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    Understanding the Impact of Novel Technologies at Work through an Industry Studies Lens
    Litwin, Adam Seth; Hammerling, Jessie H. F. (Cornell University, 2022-08)
    As part of ILR Review’s new special series “Novel Technologies at Work,” this article introduces a forum composed of five industry studies that examine the drivers and impact of recent and impending technological change. Each of the studies, condensed from longer reports published over the past two years, relies on interviews with sectoral actors and other primary data to determine the relevant technologies confronting workers and managers and the sorts of strategies and policies that will mediate their effects.
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    Equity in Focus: Job Creation for a Just Society
    Brady, Anne Marie; Lieberwitz, Risa; Cunningham, Zach (Cornell University, ILR School, The Workers Institute, 2023)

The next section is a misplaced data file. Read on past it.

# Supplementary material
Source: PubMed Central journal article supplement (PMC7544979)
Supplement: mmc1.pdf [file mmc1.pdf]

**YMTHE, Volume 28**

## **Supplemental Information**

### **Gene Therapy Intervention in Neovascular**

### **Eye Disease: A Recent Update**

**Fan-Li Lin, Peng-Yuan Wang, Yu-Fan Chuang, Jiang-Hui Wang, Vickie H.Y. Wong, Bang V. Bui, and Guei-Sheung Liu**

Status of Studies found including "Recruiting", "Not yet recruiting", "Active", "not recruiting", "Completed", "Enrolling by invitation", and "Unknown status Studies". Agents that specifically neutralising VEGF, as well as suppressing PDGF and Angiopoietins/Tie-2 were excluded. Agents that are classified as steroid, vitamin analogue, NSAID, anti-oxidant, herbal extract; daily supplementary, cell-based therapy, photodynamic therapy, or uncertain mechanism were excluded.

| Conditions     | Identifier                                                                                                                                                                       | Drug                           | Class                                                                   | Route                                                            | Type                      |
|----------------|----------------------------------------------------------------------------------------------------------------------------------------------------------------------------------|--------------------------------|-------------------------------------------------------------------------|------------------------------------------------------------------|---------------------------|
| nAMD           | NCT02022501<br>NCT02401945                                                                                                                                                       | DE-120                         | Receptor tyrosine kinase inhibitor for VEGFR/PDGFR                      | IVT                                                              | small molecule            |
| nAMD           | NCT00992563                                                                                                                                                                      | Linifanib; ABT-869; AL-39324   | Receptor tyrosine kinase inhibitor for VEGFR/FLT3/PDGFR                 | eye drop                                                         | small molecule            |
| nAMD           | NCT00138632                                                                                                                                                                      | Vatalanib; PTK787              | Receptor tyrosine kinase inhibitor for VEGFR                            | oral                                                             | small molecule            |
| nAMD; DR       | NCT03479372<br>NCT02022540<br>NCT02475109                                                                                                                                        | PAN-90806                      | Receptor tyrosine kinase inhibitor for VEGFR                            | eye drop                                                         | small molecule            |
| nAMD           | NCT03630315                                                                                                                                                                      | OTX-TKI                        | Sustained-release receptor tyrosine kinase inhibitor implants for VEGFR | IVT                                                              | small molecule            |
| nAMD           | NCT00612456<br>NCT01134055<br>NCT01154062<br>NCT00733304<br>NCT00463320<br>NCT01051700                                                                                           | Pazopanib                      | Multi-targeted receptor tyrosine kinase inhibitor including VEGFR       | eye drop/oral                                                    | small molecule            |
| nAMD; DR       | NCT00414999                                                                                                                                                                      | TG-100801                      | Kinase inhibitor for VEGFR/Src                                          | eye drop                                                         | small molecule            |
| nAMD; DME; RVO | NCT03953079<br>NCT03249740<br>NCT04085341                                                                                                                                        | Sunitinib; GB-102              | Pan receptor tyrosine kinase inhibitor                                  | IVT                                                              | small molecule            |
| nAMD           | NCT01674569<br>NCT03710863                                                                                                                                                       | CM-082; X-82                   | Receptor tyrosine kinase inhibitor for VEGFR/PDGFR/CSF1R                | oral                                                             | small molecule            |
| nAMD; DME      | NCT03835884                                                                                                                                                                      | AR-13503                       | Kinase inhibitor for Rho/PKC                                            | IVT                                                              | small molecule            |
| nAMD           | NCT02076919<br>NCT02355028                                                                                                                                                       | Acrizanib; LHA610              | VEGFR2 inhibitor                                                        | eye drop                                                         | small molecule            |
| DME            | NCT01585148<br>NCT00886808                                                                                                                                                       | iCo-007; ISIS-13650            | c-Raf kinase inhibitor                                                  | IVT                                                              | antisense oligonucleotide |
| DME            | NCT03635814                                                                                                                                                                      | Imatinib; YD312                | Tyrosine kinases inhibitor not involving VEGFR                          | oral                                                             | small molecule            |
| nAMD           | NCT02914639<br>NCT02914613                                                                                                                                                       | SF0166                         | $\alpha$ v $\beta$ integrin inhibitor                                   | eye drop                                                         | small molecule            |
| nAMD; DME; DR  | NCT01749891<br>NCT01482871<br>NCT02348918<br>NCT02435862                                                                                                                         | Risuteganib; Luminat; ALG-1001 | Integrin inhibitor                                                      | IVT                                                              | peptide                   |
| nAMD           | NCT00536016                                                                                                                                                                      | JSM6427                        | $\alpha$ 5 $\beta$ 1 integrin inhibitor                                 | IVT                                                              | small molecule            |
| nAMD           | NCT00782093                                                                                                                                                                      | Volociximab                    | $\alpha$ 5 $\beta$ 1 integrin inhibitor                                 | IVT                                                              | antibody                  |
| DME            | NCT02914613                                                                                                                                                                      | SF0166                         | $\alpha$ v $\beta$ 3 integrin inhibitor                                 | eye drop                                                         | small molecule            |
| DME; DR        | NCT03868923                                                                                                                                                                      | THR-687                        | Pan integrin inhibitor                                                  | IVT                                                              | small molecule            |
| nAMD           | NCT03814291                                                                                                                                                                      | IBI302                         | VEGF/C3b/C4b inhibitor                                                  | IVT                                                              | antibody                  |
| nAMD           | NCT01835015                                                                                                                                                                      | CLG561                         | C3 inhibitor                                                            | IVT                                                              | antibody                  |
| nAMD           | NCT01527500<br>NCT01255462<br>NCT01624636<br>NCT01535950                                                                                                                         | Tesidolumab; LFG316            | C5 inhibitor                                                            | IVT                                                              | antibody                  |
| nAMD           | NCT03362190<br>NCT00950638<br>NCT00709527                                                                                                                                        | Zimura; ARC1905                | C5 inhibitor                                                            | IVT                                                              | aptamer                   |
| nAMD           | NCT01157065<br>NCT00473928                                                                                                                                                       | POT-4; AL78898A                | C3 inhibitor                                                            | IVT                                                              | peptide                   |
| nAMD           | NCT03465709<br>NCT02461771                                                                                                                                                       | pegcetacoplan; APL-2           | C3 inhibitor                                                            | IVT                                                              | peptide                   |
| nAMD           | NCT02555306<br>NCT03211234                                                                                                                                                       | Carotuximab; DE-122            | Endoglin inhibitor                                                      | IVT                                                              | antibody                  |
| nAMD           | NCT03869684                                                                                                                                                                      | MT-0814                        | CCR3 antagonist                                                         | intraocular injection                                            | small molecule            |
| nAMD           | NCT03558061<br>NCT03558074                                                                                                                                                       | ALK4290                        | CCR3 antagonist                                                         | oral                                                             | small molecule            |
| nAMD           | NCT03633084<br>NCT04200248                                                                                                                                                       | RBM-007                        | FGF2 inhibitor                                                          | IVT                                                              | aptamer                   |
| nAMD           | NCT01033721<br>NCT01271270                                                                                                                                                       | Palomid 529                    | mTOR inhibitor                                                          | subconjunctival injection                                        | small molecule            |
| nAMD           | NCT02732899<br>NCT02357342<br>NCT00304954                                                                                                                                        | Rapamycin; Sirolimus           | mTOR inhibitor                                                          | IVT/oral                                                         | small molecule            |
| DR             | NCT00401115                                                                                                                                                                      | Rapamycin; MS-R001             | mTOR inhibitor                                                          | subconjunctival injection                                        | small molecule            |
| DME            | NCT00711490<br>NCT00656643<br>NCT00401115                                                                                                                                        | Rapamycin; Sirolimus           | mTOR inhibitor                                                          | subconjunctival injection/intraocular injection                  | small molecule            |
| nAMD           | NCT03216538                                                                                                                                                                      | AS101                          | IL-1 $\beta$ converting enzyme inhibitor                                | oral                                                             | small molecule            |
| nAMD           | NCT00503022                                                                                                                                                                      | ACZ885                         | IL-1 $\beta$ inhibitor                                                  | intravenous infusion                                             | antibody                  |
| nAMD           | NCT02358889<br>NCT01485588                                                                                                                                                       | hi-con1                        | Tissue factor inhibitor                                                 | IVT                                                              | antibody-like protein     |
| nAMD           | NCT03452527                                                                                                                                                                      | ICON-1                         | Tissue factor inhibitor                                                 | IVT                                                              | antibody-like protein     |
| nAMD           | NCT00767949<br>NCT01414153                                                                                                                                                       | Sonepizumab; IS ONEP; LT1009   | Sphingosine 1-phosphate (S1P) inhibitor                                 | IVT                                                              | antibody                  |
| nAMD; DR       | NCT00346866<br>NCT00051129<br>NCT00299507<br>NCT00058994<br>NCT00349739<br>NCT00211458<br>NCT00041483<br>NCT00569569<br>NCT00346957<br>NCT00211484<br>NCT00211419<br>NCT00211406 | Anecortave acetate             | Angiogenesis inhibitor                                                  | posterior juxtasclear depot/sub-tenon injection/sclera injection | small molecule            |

[Excerpt] Prioritizing gender and racial equity to promote a strong and just economy is a high priority of the Biden-Harris Administration. Historic levels of financing have been made available to support a range of infrastructure projects across the United States through key pieces of legislation, chief among them the Infrastructure Investment and Jobs Act, signed into law in November 2021. The immediate issue is ensuring that the $1.2 trillion in direct government spending made available through the law is distributed in an equitable manner; that the jobs created or bolstered through this major infusion of federal funding include groups of people who historically have been excluded from past opportunities, and importantly, that these jobs are quality jobs—jobs that pay well, have strong social and labor protections, and where possible, are union jobs. This report explores these themes and discusses how policymakers, practitioners, and advocates are addressing the inequities in three sectors: the child care economy, the clean energy economy, and the construction trades, as presented in the Equity in focus—Job Creation for a Just Society series. The series was a year-long engagement made possible through a partnership between the U.S. Department of Labor Women’s Bureau and The Worker Institute at the Cornell University ILR School. The webinar series and summit brought together local, state, and federal policymakers, practitioners, unions, workers, industry stakeholders, policy researchers, philanthropy, and advocates to explore how best to prioritize gender and racial equity as core components of a strong and just economy. This report captures the key social, economic, and political issues discussed during the Equity in focus webinar series and summit, which explored the challenges and solutions to achieving equity in job creation in these three sectors. The solutions highlighted in this report are rooted in local-level innovations designed to reverse inequalities in job creation and access that are supported through partnerships with the state and federal government.